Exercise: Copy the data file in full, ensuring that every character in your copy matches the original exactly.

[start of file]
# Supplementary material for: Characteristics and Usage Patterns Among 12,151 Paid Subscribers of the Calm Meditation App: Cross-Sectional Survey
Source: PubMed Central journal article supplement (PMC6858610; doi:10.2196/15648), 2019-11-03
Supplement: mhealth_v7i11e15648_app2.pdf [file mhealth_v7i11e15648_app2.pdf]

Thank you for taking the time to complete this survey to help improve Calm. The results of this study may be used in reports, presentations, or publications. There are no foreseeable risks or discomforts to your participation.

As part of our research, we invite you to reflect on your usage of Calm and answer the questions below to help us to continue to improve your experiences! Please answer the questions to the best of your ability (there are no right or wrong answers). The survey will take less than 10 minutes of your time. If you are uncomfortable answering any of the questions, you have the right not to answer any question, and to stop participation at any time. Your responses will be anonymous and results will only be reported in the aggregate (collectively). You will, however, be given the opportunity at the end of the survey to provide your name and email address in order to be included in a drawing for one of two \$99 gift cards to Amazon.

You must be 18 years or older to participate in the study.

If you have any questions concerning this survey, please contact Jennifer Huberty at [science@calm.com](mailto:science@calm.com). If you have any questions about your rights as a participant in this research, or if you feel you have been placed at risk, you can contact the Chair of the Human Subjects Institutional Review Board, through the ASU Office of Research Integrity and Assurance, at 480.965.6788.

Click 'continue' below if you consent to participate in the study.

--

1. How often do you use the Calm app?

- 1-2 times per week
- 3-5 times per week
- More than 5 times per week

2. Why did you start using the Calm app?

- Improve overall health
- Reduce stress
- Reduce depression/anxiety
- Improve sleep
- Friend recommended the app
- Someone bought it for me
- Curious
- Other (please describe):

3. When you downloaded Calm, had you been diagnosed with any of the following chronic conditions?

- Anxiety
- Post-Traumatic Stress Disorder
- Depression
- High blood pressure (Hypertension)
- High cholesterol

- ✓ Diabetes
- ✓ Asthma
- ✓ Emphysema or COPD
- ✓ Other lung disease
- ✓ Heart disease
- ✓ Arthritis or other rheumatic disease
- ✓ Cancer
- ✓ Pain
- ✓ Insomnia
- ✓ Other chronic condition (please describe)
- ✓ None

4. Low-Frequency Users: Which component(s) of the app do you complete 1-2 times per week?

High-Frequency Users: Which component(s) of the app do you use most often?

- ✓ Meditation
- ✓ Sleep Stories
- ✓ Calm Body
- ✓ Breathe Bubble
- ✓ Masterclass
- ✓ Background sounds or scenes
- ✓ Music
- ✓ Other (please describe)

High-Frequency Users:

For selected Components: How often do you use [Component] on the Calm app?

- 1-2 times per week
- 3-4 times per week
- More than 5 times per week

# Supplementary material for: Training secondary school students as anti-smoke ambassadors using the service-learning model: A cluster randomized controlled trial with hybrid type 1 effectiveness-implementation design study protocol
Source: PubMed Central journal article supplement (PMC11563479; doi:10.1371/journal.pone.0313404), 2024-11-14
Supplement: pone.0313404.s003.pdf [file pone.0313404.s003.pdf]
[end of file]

# Supplementary material for: Characteristics and Usage Patterns Among 12,151 Paid Subscribers of the Calm Meditation App: Cross-Sectional Survey
Source: PubMed Central journal article supplement (PMC6858610; doi:10.2196/15648), 2019-11-03
Supplement: mhealth_v7i11e15648_app2.pdf [file mhealth_v7i11e15648_app2.pdf]

Thank you for taking the time to complete this survey to help improve Calm. The results of this study may be used in reports, presentations, or publications. There are no foreseeable risks or discomforts to your participation.

As part of our research, we invite you to reflect on your usage of Calm and answer the questions below to help us to continue to improve your experiences! Please answer the questions to the best of your ability (there are no right or wrong answers). The survey will take less than 10 minutes of your time. If you are uncomfortable answering any of the questions, you have the right not to answer any question, and to stop participation at any time. Your responses will be anonymous and results will only be reported in the aggregate (collectively). You will, however, be given the opportunity at the end of the survey to provide your name and email address in order to be included in a drawing for one of two \$99 gift cards to Amazon.

You must be 18 years or older to participate in the study.

If you have any questions concerning this survey, please contact Jennifer Huberty at [science@calm.com](mailto:science@calm.com). If you have any questions about your rights as a participant in this research, or if you feel you have been placed at risk, you can contact the Chair of the Human Subjects Institutional Review Board, through the ASU Office of Research Integrity and Assurance, at 480.965.6788.

Click 'continue' below if you consent to participate in the study.

--

1. How often do you use the Calm app?

- 1-2 times per week
- 3-5 times per week
- More than 5 times per week

2. Why did you start using the Calm app?

- Improve overall health
- Reduce stress
- Reduce depression/anxiety
- Improve sleep
- Friend recommended the app
- Someone bought it for me
- Curious
- Other (please describe):

3. When you downloaded Calm, had you been diagnosed with any of the following chronic conditions?

- Anxiety
- Post-Traumatic Stress Disorder
- Depression
- High blood pressure (Hypertension)
- High cholesterol

- ✓ Diabetes
- ✓ Asthma
- ✓ Emphysema or COPD
- ✓ Other lung disease
- ✓ Heart disease
- ✓ Arthritis or other rheumatic disease
- ✓ Cancer
- ✓ Pain
- ✓ Insomnia
- ✓ Other chronic condition (please describe)
- ✓ None

4. Low-Frequency Users: Which component(s) of the app do you complete 1-2 times per week?

High-Frequency Users: Which component(s) of the app do you use most often?

- ✓ Meditation
- ✓ Sleep Stories
- ✓ Calm Body
- ✓ Breathe Bubble
- ✓ Masterclass
- ✓ Background sounds or scenes
- ✓ Music
- ✓ Other (please describe)

High-Frequency Users:

For selected Components: How often do you use [Component] on the Calm app?

- 1-2 times per week
- 3-4 times per week
- More than 5 times per week

# Supplementary material for: Training secondary school students as anti-smoke ambassadors using the service-learning model: A cluster randomized controlled trial with hybrid type 1 effectiveness-implementation design study protocol
Source: PubMed Central journal article supplement (PMC11563479; doi:10.1371/journal.pone.0313404), 2024-11-14
Supplement: pone.0313404.s003.pdf [file pone.0313404.s003.pdf]